Spanish authorities on Sunday cleared the port of Arguineguín, in Spain’s Canary Islands, where as many as 2,600 undocumented migrants had been living in precarious conditions at various times of the year.
Buses could be seen coming and going all day long to take 600 people who remained at the port to a new camp set up on military land in Barranco Seco, near Las Palmas de Gran Canaria, or to nearby hotels serving as temporary emergency housing. The Defense Ministry has offered additional space on the islands of Tenerife and Fuerteventura.
The operation was coordinated by the National Police, the Red Cross and the Office of the State Secretary for Migrations in a joint effort to address a growing humanitarian crisis at the so-called “port of shame.” It marks the first time since early August that the makeshift port facilities have been empty, although these will not necessarily be completely shut down yet. Police sources said that will depend on how fast new housing can be set up, and on the pace of new arrivals.
The Ombudsman has asked the Interior Ministry to close the port facilities “immediately”
There have been more than 19,000 boat landings in the Canary Islands this year, a huge surge from previous years that is only comparable to the so-called “cayuco crisis” of 2006, when 31,000 people arrived in small, rickety boats called cayucos. The new surge coincides with a drop in land crossings at the exclave cities of Ceuta and Melilla, and it has made the Canary Islands the main point of illegal entry into Spain this year .
The rising number of arrivals has also sparked several protests in coastal towns in the Canary Islands and raised fears the far right could use the crisis for political profit.
A Spanish court last week ruled that the conditions of migrants being kept in Arguineguín’s port facilities were “deplorable” but did not constitute a criminal offense. But the Ombudsman has asked the Interior Ministry to close the port facilities “immediately” following an inspection by technicians. The migrants living there were sleeping on thin blankets, receiving three sandwiches a day and fruit juice, and lacked access to showers. Despite the presence of people with the coronavirus, there was no possibility of social distancing.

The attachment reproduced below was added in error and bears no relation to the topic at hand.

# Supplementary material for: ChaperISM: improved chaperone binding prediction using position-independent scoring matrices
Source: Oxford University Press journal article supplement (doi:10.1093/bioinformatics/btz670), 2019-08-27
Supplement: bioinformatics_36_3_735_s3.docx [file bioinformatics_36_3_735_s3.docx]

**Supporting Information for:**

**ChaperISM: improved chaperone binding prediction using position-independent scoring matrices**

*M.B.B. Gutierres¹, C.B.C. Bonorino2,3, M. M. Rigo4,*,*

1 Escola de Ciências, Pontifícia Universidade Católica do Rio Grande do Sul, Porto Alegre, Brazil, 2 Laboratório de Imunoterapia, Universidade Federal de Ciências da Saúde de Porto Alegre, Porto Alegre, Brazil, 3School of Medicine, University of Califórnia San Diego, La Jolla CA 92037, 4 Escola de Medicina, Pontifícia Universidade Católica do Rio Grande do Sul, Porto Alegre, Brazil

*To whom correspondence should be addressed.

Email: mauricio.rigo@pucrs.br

Police sources in the Canary Islands said that around 70% of the migrants who arrived in the archipelago this year departed from Morocco, and of these, 70% are Moroccan nationals, half of whom left from the port of Dakhla, in Western Sahara.
According to these sources, “Moroccan mafias charge €1,500 to €2,000 per person, use safer vessels, load them with fewer people, bring two engines in case one fails, and never put in women or children for cultural and family reasons, and because they are trying to guarantee arrivals, since they know that if the boat capsizes, there will be reprisals back in their village.”
By contrast, “the sub-Saharans wait in worse places and conditions, pay €1,000, and travel in bad boats in overcrowded conditions... The mafias in those countries are ruthless, they’ll pack the boats with women, children, babies... They don’t care whether they get there or not.”
The Spanish Civil Guard has around 20 officers stationed in the Sahel area, where they are tasked with patrolling the coast of Senegal and Mauritania and training local police forces in Niger, Mali and Mauritania to tackle the smuggling rings.
According to Spanish law-enforcement officials familiar with the situation, the sub-Saharan smugglers pay a fee to the Moroccan mafias in order to “work” in the latter’s territory, where the boats depart from. The “business” creates returns of €1,000 to €2,000 for every smuggled individual.
English version by Susana Urra.